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Mankind has been thinking about thinking since the time of the ancient Greeks. Since 1995, we, as the developers of Thinking Styles, have noticed an increase in the number of consultancies and training organisations specialising in elements of thinking. Could this mean that there is renewed interest in styles of thinking? If so, Thinking Styles offers you a very useful way of learning about different styles of thinking and understanding the implications and uses of each type.

The original concept for the Thinking Styles psychometric was developed by Fiona Beddoes-Jones in 1995 as a means of adding value to personal and professional development programmes.

Thinking Styles measures peoples' cognitive and linguistic preferences and levels of flexibility at work for twenty-six 'types' of thinking (dimensions). It does not measure your thinking ability, nor is it a measure of your 'intelligence'.

Thinking Styles has a unique scoring system. Not only does it identify and measure the degree to which you like thinking in a particular way, it also measures the degree to which you dislike thinking in a particular way, i.e. there may be elements of certain styles of thinking that you positively dislike doing!

Thinking Styles was developed in collaboration with WDP Consulting Limited www.consultingtools.com. Version 1 of Thinking Styles was launched in 1997 as a beta instrument. Thinking Styles Version 2, supported by reliability and validity data, was launched in April 2001.

If you would like to view or download the questionnaire and complete it, please click here.

If you would like to see a sample profile - click here.

Thinking Styles in depth
Much of the original work that was done regarding the concepts of linguistics and cognitive filters was generated by Lesley Cameron-Bandler and Richard Bandler in early 1970's America in the area of personal therapy. They did not talk about 'thinking'. Instead, they used the terms 'fundamental filters' and 'meta-programmes' to explain the ways in which people perceive and understand the world around them and how they then translate that perception of the external world into an internal representation within their own minds. The Bandlers' work is recognised as some of the first building blocks of Neuro Linguistic Programming (NLP).

Thinking Styles is at the forefront of research in the area of generative NLP. It is the first psychometric instrument specifically designed to identify and measure the cognitive and linguistic dynamics inherent within individuals, teams and organisations, at all levels.

Thinking Styles gives you very powerful techniques to help you understand yourself and others. By developing your communication skills you will be able to develop more effective working relationships. Thinking Styles is ideal for use in situations at work where strong relationships are critical for success. Click here to view some examples. In a team environment, an understanding of the cognitive, linguistic and behavioural dynamics that are operating (usually unconsciously) within the team can be very beneficial in helping you to work more effectively with your colleagues.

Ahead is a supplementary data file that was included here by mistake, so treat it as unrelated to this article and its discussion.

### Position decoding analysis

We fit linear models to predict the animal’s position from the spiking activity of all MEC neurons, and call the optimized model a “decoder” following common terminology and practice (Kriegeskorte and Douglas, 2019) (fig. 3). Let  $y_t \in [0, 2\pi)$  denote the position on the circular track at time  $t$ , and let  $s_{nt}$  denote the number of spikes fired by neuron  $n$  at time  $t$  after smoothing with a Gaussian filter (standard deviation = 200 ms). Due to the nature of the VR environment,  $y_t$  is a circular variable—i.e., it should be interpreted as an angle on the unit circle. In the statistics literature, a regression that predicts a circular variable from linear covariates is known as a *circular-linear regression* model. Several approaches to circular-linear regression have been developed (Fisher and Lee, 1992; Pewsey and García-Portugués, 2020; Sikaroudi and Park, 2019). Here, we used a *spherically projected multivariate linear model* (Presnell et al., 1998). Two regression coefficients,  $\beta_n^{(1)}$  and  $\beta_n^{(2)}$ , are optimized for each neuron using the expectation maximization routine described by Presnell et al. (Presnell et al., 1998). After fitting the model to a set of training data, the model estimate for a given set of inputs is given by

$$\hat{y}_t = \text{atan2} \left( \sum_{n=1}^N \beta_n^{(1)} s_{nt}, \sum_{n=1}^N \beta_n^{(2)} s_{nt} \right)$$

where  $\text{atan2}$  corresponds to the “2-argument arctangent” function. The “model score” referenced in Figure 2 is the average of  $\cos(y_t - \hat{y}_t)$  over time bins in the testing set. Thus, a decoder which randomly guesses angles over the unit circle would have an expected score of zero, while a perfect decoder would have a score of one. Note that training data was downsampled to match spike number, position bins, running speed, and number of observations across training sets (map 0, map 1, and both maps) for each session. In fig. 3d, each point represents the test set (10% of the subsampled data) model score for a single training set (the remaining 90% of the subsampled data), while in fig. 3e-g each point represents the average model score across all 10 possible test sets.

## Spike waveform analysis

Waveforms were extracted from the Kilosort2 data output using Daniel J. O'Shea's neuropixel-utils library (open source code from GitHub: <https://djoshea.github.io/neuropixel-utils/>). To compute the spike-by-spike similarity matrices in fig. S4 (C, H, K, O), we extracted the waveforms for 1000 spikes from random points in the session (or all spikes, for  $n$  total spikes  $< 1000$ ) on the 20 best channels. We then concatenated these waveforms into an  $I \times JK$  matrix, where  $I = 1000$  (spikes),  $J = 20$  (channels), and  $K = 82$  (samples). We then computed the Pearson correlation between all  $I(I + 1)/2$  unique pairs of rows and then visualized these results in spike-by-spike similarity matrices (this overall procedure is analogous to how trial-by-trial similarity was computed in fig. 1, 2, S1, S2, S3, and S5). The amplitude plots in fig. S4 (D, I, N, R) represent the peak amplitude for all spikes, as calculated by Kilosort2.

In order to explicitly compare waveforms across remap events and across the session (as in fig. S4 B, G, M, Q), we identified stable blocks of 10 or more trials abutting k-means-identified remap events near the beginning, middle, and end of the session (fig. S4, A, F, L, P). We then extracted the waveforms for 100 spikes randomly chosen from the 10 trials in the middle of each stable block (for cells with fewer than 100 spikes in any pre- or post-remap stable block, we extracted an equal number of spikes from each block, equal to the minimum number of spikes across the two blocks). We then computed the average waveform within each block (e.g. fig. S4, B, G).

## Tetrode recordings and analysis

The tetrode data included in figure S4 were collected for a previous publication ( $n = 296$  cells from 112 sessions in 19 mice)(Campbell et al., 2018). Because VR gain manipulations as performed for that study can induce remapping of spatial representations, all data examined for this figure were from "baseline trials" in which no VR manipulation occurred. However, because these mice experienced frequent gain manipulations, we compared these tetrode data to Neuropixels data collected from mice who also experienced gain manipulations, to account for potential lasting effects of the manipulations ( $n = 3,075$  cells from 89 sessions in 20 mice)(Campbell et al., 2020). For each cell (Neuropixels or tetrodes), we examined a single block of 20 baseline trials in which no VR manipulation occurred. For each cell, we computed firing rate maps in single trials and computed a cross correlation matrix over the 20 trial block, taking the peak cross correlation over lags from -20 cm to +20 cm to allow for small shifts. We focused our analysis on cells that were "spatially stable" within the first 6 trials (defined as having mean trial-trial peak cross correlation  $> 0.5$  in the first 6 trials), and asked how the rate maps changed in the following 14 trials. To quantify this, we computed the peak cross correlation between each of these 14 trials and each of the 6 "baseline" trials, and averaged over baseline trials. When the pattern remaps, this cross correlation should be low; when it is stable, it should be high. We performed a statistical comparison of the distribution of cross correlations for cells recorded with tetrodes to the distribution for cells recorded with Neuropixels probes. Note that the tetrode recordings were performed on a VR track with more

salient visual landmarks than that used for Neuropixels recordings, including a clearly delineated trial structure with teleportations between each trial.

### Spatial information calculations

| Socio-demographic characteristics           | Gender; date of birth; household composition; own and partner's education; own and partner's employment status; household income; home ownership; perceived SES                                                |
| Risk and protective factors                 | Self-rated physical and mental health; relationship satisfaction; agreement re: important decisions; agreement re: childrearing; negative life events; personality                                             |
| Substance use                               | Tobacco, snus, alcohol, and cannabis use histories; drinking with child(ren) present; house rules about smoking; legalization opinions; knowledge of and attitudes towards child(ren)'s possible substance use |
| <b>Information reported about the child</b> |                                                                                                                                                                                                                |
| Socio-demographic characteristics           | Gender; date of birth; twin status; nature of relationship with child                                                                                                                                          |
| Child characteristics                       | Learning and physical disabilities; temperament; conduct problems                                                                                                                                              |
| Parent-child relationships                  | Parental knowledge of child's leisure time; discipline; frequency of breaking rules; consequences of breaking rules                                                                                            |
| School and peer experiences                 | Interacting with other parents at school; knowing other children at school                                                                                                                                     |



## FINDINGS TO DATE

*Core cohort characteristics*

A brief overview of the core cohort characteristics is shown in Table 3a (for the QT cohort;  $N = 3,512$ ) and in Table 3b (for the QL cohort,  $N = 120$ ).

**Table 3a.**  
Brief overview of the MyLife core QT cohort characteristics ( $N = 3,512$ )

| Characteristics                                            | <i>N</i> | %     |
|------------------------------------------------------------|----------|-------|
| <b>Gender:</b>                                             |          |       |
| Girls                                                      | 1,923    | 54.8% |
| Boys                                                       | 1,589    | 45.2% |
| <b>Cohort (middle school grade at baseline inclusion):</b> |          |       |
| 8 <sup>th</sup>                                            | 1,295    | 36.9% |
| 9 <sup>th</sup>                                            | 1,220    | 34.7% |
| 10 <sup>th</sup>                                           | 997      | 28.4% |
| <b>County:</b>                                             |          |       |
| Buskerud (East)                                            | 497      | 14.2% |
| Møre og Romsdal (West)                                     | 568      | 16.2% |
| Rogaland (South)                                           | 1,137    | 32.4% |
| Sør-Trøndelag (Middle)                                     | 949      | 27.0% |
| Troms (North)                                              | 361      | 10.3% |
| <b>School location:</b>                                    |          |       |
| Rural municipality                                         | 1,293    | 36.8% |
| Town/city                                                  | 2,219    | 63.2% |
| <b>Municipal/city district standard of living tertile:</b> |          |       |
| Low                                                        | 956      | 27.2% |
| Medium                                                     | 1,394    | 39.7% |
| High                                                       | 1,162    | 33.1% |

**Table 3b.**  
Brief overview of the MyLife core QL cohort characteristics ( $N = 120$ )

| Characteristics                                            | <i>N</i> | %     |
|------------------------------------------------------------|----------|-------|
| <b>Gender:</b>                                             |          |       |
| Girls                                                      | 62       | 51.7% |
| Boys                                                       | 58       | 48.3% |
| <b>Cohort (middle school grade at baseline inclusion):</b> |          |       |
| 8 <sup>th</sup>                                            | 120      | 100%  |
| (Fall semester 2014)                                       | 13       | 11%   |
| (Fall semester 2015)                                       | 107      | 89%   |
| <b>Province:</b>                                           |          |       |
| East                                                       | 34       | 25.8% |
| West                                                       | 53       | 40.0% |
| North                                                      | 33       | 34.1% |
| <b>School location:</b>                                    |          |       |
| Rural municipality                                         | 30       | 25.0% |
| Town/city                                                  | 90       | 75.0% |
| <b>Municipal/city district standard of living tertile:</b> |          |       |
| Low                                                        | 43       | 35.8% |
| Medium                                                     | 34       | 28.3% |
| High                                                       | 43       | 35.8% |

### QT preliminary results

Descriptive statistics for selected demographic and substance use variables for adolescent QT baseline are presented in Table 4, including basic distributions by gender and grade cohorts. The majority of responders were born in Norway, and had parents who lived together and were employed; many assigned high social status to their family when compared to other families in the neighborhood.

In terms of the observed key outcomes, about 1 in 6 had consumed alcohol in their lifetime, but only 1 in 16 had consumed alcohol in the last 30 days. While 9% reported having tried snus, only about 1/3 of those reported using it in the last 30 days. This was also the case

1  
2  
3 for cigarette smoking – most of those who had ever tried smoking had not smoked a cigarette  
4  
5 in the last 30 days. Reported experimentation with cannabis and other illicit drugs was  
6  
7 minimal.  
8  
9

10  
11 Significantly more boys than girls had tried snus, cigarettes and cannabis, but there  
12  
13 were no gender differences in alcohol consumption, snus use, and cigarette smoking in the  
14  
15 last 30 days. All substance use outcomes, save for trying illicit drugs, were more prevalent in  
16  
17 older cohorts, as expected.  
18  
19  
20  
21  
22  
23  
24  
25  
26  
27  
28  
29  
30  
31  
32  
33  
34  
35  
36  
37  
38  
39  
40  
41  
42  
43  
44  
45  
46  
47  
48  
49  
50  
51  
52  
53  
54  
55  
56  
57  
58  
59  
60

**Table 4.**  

Cognitive dynamics are the mental processing and thinking which takes place individually and within the team. Linguistic dynamics are the words and language patterns which people use. Behavioural dynamics of Thinking Styles are those behaviours which occur as a result of the way in which a person thinks. Thinking (even unconscious thought) always precedes action.

Linking these different dynamics together will help you to understand the complex relationships between peoples' behaviours, how they use words and the way in which they think. Understanding the thinking processes of your teams will enable you to present information to them in a way and at a pace which allows them to think more effectively together, creating more successful teams. At all levels of the organisation, your meetings will be more focused, more effective and shorter. For more examples - click here.

Thinking Styles can also identify cultural cognitive preferences within teams and organisations. If, for example, an organisation is particularly proactive, competitive or options oriented, this is likely to be reflected in the individual and collective profiles of its people. This is particularly true of the senior team, as organisational culture is profoundly influenced by the thinking styles of its directors and senior managers.

If you would like to view or complete the questionnaire - click here.

If you would like to see a sample profile - click here.

Thinking Styles in depth
Dimensions and Report